/wuy looh"kooh/, n.a town on NW Maui, in central Hawaii. 10,674.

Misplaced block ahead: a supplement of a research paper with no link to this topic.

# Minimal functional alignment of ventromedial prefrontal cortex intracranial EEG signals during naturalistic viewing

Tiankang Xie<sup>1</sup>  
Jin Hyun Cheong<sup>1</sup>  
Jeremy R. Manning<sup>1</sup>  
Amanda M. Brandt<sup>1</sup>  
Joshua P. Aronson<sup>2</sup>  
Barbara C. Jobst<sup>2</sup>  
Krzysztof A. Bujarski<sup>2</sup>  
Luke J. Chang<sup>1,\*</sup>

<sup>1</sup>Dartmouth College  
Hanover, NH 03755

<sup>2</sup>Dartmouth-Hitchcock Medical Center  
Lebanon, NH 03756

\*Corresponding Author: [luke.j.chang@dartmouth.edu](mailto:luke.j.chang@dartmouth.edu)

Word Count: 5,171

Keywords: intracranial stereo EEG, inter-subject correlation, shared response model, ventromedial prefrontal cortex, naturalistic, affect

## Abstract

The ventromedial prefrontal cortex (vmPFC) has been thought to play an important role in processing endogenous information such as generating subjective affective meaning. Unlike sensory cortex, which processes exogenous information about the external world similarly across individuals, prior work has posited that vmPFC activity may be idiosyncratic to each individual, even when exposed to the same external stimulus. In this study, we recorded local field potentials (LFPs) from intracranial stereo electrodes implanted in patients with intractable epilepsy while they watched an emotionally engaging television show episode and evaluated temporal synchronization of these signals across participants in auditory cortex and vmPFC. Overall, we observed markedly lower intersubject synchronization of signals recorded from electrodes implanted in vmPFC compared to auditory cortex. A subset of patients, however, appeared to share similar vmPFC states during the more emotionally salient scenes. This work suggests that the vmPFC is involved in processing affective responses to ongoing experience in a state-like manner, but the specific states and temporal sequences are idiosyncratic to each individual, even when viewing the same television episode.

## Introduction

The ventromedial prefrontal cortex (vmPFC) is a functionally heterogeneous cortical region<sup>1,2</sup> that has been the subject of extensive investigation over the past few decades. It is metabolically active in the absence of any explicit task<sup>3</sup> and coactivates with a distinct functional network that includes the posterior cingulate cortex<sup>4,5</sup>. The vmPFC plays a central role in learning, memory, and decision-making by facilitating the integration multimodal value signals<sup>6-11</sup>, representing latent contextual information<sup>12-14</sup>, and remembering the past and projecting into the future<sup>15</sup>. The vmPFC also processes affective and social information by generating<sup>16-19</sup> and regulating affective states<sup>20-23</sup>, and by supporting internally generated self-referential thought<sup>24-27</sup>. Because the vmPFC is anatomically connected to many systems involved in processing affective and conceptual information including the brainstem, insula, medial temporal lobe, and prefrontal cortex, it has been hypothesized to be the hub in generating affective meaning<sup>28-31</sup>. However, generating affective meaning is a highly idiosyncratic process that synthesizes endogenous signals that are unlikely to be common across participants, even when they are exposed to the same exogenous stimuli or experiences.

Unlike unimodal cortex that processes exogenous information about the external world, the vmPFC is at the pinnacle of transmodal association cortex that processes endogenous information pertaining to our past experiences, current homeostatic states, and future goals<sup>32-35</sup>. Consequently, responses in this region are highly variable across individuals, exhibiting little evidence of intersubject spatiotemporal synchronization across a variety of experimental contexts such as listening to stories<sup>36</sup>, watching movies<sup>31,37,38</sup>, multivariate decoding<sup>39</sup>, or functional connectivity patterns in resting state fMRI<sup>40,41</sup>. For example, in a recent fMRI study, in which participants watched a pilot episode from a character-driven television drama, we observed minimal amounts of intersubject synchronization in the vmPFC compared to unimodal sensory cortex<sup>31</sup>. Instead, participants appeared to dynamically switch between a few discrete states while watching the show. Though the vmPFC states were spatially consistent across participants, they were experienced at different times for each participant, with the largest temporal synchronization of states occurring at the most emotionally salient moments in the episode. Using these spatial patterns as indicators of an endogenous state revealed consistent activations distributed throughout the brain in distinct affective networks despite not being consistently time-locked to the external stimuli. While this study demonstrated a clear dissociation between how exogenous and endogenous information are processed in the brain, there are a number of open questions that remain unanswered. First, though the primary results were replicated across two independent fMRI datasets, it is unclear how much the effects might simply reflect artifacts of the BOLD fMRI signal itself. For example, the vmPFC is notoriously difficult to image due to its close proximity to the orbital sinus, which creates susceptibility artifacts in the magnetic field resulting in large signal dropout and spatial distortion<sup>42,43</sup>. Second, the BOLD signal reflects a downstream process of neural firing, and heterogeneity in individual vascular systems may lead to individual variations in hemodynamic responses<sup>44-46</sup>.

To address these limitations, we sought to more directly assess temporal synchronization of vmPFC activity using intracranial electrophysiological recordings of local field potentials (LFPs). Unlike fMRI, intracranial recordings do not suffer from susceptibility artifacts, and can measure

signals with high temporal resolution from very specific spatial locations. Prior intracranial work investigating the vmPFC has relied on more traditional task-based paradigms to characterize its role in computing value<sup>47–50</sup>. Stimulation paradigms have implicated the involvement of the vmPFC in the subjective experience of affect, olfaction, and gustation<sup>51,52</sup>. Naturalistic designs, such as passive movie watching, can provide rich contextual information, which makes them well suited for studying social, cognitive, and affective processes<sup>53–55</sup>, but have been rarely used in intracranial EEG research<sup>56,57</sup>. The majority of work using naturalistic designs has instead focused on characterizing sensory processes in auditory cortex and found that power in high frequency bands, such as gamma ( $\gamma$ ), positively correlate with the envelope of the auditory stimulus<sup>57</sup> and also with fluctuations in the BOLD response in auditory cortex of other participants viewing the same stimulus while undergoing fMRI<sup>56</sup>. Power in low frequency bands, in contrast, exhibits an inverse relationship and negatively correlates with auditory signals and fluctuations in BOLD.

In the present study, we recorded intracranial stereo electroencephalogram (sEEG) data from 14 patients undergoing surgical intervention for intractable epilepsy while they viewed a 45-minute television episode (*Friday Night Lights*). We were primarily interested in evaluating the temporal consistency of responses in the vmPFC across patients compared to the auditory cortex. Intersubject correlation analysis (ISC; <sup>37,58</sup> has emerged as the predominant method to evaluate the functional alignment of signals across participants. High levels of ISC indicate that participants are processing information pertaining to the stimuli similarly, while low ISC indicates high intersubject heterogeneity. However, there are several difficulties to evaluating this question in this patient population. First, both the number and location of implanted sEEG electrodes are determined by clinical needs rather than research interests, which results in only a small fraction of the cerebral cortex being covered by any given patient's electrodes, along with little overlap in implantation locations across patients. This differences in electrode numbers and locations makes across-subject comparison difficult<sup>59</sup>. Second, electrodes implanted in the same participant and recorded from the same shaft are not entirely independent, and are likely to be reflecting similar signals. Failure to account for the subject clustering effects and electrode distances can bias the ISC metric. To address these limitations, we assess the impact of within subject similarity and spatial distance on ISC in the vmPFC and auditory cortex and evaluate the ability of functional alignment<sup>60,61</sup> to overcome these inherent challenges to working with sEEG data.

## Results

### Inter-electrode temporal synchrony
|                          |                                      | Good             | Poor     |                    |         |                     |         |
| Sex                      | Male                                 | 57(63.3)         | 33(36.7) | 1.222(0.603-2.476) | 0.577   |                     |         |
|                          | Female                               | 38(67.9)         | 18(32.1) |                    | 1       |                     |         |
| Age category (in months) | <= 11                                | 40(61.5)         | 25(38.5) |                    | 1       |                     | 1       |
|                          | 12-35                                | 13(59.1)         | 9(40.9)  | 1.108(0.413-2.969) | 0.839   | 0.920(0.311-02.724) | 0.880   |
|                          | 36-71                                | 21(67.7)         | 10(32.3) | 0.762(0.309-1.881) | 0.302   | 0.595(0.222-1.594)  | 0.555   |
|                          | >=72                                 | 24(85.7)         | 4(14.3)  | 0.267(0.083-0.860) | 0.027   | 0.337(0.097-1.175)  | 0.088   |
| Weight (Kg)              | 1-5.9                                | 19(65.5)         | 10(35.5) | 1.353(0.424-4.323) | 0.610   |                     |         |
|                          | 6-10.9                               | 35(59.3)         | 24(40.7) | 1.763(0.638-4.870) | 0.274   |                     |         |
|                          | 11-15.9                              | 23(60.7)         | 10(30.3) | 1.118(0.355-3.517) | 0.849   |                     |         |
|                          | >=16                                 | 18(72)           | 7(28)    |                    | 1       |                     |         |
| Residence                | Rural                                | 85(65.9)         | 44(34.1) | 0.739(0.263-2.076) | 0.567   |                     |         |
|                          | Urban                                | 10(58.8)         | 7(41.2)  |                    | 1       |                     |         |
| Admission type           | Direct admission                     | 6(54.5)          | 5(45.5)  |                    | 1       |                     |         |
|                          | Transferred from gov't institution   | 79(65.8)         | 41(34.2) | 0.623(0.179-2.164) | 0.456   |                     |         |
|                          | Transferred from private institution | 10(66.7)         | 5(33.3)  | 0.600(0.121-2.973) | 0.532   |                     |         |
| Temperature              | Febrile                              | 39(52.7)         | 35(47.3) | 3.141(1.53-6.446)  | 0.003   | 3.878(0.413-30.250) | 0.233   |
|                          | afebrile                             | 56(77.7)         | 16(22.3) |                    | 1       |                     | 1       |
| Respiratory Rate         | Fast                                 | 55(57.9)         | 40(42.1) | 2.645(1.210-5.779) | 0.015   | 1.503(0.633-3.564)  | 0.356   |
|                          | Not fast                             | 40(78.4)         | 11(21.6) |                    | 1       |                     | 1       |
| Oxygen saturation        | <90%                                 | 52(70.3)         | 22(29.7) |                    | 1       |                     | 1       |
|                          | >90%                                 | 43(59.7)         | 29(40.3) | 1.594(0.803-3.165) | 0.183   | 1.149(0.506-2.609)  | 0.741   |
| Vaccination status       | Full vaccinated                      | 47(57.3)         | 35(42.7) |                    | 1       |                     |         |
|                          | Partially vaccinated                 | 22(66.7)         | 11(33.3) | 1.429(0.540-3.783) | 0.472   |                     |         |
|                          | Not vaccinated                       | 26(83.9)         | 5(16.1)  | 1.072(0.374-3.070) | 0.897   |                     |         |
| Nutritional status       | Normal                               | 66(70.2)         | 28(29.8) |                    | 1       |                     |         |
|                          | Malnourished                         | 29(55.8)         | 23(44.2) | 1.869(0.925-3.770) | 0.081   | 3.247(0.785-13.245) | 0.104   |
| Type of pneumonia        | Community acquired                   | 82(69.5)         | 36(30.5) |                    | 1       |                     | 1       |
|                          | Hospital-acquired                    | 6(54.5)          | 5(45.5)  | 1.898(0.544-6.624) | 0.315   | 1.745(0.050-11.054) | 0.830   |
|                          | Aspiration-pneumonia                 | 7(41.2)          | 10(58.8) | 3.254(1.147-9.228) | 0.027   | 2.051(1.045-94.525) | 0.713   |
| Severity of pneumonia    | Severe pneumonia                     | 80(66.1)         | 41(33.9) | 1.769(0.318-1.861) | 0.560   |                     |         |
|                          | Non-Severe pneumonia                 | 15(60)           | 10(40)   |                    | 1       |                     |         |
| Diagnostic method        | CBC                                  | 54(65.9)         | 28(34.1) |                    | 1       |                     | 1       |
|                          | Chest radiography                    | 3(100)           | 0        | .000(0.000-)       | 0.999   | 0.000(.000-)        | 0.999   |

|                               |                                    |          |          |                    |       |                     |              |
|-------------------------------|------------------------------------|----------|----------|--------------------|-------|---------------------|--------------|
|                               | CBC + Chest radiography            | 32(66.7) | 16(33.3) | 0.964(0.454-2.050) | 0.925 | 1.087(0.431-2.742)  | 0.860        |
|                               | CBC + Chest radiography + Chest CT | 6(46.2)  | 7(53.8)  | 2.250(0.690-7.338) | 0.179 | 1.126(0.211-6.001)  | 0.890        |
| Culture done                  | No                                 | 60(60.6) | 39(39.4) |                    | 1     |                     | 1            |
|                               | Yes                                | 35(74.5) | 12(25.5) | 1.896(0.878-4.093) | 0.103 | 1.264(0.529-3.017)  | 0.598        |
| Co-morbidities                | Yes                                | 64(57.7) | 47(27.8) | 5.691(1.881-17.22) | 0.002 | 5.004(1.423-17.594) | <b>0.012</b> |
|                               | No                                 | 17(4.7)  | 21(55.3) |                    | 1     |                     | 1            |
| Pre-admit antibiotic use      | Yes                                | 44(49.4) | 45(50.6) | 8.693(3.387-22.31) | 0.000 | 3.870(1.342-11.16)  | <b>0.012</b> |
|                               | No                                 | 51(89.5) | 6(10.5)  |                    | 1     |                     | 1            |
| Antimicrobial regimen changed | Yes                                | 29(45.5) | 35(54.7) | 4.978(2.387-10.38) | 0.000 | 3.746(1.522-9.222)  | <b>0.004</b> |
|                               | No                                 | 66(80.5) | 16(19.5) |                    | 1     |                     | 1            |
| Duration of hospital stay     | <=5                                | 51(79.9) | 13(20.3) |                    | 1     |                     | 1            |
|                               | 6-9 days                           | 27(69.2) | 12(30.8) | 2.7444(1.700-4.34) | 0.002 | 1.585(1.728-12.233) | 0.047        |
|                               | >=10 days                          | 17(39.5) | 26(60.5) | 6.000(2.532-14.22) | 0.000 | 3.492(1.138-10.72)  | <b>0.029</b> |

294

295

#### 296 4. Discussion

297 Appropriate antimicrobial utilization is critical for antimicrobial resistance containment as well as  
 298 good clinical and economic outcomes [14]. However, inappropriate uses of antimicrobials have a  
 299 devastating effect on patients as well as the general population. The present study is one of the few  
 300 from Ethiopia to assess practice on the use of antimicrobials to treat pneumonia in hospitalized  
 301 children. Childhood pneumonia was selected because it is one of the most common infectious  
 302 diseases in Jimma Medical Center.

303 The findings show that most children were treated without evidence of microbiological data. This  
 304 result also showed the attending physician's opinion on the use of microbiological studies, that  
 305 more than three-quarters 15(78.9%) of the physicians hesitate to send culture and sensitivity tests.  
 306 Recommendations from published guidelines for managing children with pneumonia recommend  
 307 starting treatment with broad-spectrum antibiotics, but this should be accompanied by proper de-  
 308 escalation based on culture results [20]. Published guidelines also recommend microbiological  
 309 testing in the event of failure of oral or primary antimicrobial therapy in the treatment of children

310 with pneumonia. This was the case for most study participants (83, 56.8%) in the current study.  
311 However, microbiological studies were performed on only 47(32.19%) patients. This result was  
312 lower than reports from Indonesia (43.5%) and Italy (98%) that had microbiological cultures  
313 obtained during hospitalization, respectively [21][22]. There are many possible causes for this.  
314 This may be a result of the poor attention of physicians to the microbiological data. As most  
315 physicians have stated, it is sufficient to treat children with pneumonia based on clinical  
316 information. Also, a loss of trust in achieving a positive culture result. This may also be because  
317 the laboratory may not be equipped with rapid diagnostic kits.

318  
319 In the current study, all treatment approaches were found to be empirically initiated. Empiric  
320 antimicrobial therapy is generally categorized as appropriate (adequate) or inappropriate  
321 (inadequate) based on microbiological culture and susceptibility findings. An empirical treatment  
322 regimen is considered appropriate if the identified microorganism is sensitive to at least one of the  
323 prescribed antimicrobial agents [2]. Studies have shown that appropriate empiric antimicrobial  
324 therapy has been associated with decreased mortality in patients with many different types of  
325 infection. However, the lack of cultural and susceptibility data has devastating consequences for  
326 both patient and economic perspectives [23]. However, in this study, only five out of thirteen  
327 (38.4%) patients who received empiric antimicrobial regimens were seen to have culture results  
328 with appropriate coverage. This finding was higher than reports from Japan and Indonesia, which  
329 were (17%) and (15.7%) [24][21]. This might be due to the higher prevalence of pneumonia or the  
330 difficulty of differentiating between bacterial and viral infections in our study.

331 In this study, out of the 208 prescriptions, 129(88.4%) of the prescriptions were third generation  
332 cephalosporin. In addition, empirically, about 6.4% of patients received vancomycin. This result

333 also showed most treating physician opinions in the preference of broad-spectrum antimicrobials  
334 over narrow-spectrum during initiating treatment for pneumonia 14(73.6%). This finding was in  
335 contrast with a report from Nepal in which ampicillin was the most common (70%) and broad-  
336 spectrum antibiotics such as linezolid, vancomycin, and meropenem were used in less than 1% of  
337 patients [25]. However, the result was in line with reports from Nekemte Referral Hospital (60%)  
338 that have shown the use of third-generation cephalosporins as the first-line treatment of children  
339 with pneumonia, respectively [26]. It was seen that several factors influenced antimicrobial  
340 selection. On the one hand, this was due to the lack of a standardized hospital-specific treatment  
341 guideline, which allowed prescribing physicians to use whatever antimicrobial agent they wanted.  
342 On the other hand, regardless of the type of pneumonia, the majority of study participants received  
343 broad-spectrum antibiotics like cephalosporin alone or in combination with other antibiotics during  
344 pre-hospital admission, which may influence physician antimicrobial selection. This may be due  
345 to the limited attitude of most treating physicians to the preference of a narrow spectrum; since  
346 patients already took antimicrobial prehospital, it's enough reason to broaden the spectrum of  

* * *city, seat of Maui county, northern Maui island, Hawaii, U.S. It is situated on an isthmus at the mouth of the Iao Valley and the base of Maui's western mountains. With Kahului (east) it forms a contiguous area that is the most densely populated and busiest on the island. Iao Stream flows through the western part of the city. Wailuku (Hawaiian: “Water of Destruction”) recalls the Battle of Kepaniwai (1790), which added Maui to the kingdom of Kamehameha I. In the 19th century, missionaries settled in Wailuku; the Bailey Museum—housed in a missionary home built in 1833 in the area where Maui's kings once lived—features Hawaiian and missionary-era artifacts, including Duke Kahanamoku (Kahanamoku, Duke Paoa)'s 150-pound (80-kg) redwood surfboard. Sugar was long the mainstay of the economy, but its importance declined dramatically in the late 20th century. The city's economy is now largely dependent on tourism, woodworking products, and hula supplies. Products are shipped from the port of Kahului. The Kepaniwai Park and Heritage Gardens contains re-creations of ancient Hawaiian homes and Chinese and Japanese gardens and Kaahumanu Church (1837; present building, 1876). The church was built to honour Queen Kaahumanu, who embraced Christianity and assisted its spread in Hawaii. Nearby is Halekii-Pihana Heiaus State Monument, which preserves two heiaus (ceremonial and religious structures) that were used by Kahekili, Maui's last king; the temples were sometimes used for human sacrifices. Pop. (1990) 10,688; (2000) 12,296.
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